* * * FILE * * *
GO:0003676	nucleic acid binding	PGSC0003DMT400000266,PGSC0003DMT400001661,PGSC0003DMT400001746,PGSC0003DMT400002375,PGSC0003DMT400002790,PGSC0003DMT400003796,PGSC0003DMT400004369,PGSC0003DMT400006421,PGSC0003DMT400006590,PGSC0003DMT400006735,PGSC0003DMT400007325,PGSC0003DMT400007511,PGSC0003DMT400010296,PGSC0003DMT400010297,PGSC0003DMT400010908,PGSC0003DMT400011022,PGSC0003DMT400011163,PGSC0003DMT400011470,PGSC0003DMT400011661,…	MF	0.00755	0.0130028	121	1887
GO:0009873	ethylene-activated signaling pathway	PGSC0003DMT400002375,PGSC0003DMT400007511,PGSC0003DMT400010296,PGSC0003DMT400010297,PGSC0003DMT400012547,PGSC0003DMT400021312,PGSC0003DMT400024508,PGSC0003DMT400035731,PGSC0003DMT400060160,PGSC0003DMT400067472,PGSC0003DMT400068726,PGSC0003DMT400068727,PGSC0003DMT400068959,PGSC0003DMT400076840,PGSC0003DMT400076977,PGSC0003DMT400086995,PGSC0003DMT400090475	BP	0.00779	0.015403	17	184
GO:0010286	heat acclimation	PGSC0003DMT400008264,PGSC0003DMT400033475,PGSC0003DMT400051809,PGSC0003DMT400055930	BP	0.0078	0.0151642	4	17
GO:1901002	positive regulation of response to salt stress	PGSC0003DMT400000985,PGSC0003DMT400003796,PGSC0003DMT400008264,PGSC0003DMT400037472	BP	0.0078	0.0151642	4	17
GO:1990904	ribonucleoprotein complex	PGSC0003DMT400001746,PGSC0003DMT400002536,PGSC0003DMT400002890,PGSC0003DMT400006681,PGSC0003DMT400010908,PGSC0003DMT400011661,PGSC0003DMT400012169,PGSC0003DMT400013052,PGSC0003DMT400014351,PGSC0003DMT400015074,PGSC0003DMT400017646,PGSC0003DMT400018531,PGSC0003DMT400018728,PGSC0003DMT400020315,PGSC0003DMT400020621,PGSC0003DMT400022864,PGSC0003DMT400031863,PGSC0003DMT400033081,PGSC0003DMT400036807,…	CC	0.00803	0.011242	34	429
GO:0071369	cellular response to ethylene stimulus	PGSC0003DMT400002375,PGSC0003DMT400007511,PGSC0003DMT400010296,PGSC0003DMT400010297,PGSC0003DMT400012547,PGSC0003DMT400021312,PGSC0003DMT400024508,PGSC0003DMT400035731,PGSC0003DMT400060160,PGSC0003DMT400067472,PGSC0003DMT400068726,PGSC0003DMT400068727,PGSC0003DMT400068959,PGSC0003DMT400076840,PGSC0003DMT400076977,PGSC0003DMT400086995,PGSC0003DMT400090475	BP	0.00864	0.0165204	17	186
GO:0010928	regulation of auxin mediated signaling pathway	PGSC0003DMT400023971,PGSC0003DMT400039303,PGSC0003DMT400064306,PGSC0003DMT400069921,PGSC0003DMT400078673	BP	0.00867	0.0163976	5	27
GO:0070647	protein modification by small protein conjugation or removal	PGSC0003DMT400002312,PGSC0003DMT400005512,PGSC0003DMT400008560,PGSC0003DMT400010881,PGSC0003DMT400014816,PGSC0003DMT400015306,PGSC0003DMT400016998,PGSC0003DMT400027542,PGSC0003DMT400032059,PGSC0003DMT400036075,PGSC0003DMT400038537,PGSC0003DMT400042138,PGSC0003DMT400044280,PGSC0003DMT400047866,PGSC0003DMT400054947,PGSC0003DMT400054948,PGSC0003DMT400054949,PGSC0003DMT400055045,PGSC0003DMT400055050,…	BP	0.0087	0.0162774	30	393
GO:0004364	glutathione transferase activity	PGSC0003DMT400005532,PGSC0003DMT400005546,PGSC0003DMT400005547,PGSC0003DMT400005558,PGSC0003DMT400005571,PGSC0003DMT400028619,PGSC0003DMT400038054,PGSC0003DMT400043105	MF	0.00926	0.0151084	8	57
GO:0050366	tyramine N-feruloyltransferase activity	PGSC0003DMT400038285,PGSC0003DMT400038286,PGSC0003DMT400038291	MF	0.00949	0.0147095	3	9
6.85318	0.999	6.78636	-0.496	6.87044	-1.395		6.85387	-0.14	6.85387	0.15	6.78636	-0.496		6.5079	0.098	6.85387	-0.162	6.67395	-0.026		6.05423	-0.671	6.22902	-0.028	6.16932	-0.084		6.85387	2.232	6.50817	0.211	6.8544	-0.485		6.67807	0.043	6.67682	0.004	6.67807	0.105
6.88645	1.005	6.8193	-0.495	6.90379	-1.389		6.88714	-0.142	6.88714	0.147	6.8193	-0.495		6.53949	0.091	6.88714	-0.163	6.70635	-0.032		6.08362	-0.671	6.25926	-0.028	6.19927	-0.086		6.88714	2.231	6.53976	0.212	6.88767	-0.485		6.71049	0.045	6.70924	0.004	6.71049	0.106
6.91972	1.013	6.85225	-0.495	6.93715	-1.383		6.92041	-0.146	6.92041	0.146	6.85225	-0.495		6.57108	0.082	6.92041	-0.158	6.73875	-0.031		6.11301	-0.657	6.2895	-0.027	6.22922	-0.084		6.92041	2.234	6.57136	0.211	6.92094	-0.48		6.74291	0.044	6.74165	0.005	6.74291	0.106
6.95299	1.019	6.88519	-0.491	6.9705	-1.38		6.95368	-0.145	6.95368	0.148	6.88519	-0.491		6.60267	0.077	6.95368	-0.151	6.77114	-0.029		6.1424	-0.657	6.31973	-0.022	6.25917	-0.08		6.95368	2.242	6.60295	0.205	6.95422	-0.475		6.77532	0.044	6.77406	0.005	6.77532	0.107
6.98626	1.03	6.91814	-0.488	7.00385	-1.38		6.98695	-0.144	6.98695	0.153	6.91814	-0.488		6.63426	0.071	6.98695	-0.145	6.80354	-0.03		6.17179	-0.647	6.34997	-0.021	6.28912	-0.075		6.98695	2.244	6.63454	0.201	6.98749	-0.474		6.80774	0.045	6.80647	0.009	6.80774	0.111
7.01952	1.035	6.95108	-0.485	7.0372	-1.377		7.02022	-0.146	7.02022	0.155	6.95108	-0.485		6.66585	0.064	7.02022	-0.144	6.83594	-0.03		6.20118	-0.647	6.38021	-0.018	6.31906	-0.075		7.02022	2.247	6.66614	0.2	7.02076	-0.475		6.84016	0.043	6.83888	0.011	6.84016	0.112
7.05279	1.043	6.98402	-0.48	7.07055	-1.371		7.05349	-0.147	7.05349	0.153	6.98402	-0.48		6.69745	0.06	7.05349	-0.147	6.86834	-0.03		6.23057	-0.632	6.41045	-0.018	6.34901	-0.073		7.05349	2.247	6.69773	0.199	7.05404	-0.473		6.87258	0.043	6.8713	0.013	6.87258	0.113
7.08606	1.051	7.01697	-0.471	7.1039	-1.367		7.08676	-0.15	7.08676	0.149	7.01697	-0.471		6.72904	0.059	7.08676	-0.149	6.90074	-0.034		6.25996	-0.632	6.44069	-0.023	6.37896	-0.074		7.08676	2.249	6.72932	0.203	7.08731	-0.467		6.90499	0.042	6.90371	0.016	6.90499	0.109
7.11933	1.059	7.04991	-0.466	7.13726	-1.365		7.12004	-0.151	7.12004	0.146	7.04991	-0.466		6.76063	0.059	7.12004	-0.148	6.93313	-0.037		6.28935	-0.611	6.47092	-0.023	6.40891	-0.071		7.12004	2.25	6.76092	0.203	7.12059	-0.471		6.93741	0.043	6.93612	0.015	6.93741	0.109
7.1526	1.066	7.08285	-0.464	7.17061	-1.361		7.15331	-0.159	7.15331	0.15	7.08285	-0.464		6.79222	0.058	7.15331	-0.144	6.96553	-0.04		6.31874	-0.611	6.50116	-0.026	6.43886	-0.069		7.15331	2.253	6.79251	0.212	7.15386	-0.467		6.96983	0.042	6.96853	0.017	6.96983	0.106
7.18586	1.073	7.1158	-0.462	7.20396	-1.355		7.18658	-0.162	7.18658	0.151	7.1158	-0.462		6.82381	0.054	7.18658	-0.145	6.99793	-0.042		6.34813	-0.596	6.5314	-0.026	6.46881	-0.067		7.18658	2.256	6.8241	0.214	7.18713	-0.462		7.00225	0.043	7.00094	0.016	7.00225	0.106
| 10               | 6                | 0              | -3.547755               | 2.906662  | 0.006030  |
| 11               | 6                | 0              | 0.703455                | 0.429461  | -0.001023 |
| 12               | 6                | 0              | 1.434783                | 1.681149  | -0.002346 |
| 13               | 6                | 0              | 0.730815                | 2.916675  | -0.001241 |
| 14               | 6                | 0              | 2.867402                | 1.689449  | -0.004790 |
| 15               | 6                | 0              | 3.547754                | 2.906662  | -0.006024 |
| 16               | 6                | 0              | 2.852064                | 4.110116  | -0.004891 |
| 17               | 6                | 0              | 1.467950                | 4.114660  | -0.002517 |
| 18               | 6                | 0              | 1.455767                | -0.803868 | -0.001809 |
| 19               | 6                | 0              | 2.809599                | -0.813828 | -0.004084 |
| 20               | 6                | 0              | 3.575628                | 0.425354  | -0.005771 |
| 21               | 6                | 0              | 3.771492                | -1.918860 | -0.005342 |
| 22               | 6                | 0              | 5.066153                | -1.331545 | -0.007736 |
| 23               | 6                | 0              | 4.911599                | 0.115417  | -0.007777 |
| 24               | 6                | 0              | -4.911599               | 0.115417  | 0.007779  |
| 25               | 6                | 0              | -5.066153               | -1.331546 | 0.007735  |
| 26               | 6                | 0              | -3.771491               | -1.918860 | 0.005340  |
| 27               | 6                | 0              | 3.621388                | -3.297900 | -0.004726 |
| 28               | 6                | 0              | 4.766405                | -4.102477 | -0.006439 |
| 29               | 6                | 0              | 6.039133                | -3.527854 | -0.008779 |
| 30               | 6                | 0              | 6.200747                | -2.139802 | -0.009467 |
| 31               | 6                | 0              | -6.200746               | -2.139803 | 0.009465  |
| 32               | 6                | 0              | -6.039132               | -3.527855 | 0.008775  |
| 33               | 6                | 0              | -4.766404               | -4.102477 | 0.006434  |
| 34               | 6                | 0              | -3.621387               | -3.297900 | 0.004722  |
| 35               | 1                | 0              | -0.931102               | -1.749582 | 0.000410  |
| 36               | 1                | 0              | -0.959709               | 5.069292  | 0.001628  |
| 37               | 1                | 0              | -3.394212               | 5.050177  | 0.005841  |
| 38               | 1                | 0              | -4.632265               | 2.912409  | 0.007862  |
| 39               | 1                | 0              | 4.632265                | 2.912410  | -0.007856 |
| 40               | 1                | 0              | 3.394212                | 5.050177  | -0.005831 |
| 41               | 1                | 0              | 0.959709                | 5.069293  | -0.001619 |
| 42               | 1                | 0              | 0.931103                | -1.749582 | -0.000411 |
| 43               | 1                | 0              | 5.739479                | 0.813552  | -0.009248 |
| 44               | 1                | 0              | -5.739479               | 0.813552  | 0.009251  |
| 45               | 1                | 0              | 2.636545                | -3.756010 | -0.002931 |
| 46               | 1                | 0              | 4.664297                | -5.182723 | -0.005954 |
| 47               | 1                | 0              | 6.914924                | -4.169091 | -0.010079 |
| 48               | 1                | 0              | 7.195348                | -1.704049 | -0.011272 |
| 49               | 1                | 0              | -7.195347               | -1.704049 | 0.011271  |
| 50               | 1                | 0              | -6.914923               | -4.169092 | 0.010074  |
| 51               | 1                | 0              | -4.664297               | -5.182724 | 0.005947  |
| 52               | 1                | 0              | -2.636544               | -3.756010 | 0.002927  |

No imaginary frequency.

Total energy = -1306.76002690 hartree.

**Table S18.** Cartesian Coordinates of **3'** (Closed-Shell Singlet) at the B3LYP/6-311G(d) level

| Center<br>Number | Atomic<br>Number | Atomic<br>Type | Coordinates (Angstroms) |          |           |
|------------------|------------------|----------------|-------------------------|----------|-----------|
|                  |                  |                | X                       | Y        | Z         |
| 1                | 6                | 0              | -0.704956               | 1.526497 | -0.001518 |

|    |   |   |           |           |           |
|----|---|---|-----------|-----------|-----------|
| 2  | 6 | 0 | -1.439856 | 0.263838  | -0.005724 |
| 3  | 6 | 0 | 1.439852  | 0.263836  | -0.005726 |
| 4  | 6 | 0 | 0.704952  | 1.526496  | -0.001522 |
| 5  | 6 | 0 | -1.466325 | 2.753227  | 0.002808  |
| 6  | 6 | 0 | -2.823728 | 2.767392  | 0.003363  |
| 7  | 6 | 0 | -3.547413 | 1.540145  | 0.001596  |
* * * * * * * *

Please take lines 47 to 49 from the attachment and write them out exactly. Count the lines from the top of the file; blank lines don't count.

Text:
| 35               | 1                | 0              | -0.931102               | -1.749582 | 0.000410  |
| 36               | 1                | 0              | -0.959709               | 5.069292  | 0.001628  |
| 37               | 1                | 0              | -3.394212               | 5.050177  | 0.005841  |